Start Beekeeping

If you have a garden and enjoy honey… Why not become a BeeKeeper!

Beekeeping is easy and fun. It looks daunting at first but Omlet’s Beehaus, a futuristic looking beehive, has brought a revolution to beekeeping and has made Urban Beekeeping a very viable hobby.

It is a bit expensive than the traditional Langstroth and National beehives but it looks cool and is easier to handle for the beginners.

A few videos to wet your appetite: 

How Robin Dartington handles Bees

Go on a Beekeeping Course

LESSON 101:

A Brief History of Beehives

Modified from: http://www.omlet.co.uk/guide/guide.php?view=bees&cat=Starting+Out&sub=beehive+types

You can be forgiven for confusion when choosing the best beehive – this brief history of beehives should give you a hand.

 Bees in the wild

During the long millions of years before man started to ‘keep’ bees, honeybee colonies lived wild in natural cavities. Provided they were healthy and the weather was favourable, they swarmed most years as a means of reproduction. However, starting a new colony is risky; three quarters of natural swarms are dead from starvation within a year. Beekeepers today provide hives three times the size of natural cavities, reducing the chances of a colony swarming. There are now a wide variety of beehives to choose from. Here is a brief history.

 The skep

About a few thousand years ago, beekeeping progressed from robbing wild nests to housing swarms in upturned baskets (skeps) – the swarms that escaped were captured to replace colonies that were killed for their wax and honey. You cannot realistically keep a colony of bees in a skep because it is almost impossible to inspect them (in fact in the USA it is illegal to keep bees in them). However, a skep is sometime useful to catch a swarm in.

1850 – The Langstroth

The Langstroth was developed by a very famous beekeeper of the same name –Loranzo Langstroth. He formally recognised ‘bee-space’ and produced the first practical movable-frame hive around the 1850s. Bees could now build their comb on frames which could be moved and manipulated. Langstroth was primarily interested in bees rather than honey – but his developments provided the basis for modern honey production. He listed fifty-four desirable qualities for an improved hive – most, but not all, are now standard. The Langstroth hive is the most popular in America and Australia.

1890 – The WBC

Named after the inventor, William Broughton Carr, the WBC has become an iconic and highly recognisable beehive design. It is based on the same principles as the Cheshire and Cowan but with an extra outer wall. This provides the bees with additional insulation and quickly became popular. However, it was rarely used commercially because it was complex and costly to make and also inconvenient to use.

 

 

1920 – 1930 The National

Simpler, cheaper and utilitarian – the National hive was introduced to make it easier for beekeepers to move hives to pollinate agricultural crops, in particular orchards and heather. It has a small square footprint and can be stacked efficiently on pallets or backs of trucks. The National is now the most common hive in the UK for both commercial and hobby beekeeping due to its perceived cheapness. The frames are smaller than the Langstroth but have larger lugs on the side. However, many modern beekeepers argue that the brood box is too small for modern breeds of bee. To house the complete brood, an extra brood box is often required, which is sometimes called a ‘brood and a half’.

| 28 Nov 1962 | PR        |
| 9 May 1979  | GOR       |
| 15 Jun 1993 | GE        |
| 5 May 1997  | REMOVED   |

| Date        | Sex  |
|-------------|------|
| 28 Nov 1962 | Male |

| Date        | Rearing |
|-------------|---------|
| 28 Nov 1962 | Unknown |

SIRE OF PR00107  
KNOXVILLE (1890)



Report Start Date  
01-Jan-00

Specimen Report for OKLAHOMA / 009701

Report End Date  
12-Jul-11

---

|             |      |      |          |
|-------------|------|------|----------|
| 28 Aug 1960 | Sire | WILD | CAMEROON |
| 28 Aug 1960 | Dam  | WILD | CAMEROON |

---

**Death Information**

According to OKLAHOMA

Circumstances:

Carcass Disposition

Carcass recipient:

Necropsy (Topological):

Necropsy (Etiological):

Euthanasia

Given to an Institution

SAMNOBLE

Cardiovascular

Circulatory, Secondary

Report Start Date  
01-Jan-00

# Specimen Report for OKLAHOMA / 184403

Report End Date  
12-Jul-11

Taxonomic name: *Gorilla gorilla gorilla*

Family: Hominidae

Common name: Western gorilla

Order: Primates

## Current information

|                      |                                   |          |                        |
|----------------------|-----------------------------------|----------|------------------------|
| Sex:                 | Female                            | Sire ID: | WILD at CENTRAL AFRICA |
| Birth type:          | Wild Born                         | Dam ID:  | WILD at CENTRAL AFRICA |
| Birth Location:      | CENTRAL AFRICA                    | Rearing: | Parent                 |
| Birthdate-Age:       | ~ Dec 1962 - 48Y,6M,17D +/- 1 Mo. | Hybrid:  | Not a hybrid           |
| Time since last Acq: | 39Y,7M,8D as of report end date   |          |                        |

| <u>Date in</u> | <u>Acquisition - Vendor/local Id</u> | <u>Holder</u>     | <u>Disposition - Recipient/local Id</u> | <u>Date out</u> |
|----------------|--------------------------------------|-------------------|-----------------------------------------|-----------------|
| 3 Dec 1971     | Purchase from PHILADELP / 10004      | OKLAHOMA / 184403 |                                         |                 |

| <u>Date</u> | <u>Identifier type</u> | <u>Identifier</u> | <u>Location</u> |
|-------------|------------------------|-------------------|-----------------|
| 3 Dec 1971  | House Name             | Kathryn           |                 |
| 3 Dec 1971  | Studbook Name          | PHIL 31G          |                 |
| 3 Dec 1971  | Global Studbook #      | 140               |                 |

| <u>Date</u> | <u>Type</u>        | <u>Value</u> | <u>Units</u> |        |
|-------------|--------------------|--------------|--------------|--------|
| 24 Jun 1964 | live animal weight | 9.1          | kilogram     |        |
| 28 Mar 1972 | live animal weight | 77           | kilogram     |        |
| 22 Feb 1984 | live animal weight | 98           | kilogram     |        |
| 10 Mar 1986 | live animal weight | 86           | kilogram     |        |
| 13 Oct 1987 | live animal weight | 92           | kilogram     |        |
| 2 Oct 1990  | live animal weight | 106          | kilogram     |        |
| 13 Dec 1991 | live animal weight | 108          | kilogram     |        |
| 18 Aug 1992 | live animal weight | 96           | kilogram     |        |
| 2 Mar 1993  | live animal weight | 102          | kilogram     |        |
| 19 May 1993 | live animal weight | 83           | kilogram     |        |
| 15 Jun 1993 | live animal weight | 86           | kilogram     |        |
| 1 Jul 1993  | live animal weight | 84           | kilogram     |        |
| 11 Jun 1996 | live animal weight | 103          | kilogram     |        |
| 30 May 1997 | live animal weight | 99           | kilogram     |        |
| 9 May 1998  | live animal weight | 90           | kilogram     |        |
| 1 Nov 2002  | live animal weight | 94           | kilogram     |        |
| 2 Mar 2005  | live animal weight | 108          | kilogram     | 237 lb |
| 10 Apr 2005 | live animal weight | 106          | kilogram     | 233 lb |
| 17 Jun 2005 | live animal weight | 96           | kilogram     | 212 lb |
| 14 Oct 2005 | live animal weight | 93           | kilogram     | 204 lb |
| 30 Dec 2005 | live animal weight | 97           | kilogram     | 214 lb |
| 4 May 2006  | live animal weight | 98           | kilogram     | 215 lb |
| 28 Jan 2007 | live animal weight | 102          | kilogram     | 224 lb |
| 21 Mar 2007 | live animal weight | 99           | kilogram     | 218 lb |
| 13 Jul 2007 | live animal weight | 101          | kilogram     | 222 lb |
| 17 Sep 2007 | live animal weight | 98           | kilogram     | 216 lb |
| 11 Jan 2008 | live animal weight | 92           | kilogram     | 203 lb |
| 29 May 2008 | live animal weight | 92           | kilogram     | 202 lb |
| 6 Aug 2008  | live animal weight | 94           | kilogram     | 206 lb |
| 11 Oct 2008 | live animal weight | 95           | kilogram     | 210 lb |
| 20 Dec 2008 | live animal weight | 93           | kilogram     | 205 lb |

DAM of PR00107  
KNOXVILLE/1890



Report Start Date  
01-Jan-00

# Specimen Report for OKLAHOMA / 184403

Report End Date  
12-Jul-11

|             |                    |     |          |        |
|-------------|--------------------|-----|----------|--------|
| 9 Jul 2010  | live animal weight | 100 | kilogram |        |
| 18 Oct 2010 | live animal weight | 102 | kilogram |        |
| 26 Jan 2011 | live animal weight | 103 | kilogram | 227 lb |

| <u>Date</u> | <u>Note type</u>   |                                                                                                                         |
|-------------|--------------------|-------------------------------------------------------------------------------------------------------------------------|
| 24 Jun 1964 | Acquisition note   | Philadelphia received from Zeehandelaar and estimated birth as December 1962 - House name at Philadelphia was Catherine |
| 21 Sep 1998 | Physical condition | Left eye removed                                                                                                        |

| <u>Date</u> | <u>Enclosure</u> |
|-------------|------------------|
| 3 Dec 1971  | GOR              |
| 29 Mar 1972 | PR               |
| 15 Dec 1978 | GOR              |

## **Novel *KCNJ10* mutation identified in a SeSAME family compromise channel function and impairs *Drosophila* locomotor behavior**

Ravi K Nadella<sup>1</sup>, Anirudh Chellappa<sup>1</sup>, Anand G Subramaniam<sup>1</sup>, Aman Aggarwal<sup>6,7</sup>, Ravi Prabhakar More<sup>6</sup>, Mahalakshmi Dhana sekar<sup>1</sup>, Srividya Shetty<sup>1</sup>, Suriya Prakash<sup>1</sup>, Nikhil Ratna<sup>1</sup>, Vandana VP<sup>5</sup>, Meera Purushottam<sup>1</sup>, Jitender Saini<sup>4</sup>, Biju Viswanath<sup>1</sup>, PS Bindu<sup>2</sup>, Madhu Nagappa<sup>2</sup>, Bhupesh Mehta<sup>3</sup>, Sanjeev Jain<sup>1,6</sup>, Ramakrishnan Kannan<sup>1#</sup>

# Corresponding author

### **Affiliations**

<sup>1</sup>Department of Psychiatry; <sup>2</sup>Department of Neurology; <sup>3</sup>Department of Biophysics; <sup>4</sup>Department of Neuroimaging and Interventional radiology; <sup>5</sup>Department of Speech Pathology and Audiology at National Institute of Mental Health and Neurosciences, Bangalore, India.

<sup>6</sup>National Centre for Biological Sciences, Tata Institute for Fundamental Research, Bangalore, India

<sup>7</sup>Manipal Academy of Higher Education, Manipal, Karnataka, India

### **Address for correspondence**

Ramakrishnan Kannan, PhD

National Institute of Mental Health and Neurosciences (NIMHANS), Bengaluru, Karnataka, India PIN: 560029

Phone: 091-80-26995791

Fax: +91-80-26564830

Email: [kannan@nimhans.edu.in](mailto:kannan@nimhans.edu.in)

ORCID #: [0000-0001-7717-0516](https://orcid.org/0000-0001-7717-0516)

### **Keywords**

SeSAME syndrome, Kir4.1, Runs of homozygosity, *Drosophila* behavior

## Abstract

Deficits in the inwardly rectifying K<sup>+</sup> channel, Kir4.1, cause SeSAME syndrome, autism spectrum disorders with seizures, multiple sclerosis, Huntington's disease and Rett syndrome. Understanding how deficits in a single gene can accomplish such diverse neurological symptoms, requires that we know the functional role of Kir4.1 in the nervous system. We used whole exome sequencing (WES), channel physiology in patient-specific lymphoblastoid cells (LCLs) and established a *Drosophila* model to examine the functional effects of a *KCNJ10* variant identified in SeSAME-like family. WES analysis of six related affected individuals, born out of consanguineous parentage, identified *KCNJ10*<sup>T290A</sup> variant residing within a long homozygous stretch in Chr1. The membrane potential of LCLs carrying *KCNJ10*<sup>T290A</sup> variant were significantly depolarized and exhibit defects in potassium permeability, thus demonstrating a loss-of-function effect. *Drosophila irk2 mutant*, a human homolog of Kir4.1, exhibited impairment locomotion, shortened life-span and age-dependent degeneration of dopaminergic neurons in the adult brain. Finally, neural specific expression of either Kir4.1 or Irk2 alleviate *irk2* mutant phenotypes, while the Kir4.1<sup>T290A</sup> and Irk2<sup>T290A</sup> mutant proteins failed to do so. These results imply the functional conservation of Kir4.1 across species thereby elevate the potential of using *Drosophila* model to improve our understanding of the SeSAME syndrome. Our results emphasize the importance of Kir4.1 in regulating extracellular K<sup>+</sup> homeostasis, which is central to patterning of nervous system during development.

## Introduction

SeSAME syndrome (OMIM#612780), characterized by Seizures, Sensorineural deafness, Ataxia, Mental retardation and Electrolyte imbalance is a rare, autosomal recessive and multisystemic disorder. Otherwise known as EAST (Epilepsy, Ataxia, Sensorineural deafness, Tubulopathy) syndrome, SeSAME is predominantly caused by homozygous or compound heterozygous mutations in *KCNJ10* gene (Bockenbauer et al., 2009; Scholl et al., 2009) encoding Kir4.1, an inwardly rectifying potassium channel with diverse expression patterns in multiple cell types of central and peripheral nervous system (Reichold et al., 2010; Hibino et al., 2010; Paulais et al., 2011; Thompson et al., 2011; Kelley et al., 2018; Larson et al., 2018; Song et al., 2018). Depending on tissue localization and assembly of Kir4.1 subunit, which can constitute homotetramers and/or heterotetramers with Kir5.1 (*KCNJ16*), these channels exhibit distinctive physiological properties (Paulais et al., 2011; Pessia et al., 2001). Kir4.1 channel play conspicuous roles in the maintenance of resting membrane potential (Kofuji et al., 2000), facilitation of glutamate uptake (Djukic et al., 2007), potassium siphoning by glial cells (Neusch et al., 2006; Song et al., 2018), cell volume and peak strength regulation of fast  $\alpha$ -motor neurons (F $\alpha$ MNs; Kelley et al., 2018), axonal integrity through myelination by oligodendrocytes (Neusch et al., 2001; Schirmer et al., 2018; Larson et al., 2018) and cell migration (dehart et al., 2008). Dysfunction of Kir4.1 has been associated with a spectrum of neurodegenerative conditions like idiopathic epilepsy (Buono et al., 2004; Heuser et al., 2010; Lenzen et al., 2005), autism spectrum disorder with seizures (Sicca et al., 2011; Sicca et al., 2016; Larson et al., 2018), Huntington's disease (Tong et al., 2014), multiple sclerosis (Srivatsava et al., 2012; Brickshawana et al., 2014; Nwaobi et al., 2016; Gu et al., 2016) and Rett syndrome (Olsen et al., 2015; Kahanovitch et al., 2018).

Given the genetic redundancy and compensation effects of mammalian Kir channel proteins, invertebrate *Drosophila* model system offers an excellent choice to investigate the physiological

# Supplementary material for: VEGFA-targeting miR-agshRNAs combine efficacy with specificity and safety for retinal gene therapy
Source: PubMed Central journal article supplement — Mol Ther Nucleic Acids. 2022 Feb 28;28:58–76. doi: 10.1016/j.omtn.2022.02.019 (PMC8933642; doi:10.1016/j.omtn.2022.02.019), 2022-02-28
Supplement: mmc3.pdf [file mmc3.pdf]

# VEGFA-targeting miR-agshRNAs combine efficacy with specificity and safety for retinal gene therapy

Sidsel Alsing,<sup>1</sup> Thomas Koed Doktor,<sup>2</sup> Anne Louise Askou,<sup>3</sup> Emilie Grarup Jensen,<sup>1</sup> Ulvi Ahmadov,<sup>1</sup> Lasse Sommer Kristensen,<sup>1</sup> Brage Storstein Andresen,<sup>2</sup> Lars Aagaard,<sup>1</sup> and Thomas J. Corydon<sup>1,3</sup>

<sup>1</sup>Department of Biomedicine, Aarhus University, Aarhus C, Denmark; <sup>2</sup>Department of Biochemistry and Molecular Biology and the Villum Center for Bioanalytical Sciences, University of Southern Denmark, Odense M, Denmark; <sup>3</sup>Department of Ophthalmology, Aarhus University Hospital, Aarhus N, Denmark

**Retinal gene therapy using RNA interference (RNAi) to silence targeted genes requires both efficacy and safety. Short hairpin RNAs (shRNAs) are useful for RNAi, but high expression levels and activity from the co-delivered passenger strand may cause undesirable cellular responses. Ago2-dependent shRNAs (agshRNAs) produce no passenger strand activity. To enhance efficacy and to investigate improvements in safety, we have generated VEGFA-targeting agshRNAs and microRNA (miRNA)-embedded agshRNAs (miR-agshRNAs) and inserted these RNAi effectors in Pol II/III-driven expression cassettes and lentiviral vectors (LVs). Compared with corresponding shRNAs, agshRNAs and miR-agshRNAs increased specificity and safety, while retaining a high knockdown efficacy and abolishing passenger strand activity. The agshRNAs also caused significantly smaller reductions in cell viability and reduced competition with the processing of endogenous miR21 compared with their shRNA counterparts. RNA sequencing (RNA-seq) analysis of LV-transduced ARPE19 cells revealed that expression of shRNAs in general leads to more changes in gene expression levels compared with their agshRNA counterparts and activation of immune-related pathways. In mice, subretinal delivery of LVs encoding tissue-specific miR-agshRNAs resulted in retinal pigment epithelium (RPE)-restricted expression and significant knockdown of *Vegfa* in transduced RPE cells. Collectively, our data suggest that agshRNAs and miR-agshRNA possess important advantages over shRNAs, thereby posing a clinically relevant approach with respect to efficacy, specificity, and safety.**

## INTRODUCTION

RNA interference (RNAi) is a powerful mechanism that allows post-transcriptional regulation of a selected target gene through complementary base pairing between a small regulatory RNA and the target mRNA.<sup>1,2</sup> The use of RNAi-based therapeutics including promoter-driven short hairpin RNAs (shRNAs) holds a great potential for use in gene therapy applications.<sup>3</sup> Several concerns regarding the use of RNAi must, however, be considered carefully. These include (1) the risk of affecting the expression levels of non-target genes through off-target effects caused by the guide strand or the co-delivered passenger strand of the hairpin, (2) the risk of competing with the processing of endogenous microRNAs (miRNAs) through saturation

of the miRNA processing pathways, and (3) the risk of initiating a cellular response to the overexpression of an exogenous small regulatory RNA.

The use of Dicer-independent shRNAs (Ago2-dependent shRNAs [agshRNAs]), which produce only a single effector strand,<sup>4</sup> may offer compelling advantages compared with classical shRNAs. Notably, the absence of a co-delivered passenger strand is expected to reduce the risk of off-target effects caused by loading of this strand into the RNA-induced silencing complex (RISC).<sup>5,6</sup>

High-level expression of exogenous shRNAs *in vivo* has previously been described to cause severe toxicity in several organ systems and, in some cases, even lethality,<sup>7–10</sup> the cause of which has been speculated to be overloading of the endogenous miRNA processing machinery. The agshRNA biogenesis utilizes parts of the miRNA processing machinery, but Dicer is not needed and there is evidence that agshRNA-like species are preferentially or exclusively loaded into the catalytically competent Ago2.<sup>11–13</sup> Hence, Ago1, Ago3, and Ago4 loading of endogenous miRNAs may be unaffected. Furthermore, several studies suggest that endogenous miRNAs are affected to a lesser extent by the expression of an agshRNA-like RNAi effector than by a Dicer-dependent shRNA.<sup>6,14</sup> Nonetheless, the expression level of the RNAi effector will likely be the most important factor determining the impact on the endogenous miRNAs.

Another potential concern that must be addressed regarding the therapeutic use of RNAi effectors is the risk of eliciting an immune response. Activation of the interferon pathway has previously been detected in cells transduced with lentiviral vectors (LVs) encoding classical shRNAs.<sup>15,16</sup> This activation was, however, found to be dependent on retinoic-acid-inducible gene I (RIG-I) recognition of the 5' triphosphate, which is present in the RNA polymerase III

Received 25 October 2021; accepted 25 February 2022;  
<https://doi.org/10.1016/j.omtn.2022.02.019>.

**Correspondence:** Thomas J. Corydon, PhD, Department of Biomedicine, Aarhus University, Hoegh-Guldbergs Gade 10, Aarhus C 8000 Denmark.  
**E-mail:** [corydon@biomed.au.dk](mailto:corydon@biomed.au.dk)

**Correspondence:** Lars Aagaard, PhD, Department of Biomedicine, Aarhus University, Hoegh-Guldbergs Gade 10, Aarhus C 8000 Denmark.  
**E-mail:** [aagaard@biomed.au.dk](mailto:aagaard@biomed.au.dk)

1975 – The Dartington Hive

The Dartington Hive was developed by the engineer and inventor Robin Dartington. He developed the Dartington hive specifically to keep bees in gardens or rooftops and not for commercial purposes. Robin had started keeping bees on the roof of his London home and become frustrated by the complexity of the National and WBC hive. The Dartington’s brood box is larger than both the National and Langstroth beehives – giving the bee colony freedom to grow without restriction. However, the supers are half the size, allowing for easy handling.

2009 – The Beehaus

The Beehaus is a brand of beehive developed by a British company called Omlet — famous for designing an urban chicken coop, the eglu. The beehaus aims to make it easier for people in urban environments to keep honeybees. It is made from MDPE plastic and is based on the same principles as the Dartington Beehive. It is the first major redesign of the beehive for many years. This is now a very popular beehive in urban areas.

The Top-Bar 

Top-bar hives have a long history as the concept is believed to be several thousand years old. The earliest hives are believed to be baskets with sticks lain across the top as bars. Most modern top-bar hives are found in Africa. Owing to the low cost and ease of construction these are especially appropriate for use in non-industrialized and impoverished locations. These hives are also showing a resurgence in the USA. The two basic forms of top-bar hives (named after their countries of origin) are the Kenyan (KTBH, with sloped sides ) and the Tanzanian (“Tanz”, with vertical sides).

Advertisements

2 comments

Discuss

Fill in your details below or click an icon to log in:

WordPress.com Logo

You are commenting using your WordPress.com account. Log Out / Change )

Twitter picture

You are commenting using your Twitter account. Log Out / Change )

Facebook photo

You are commenting using your Facebook account. Log Out / Change )

Google+ photo

You are commenting using your Google+ account. Log Out / Change )

Connecting to %s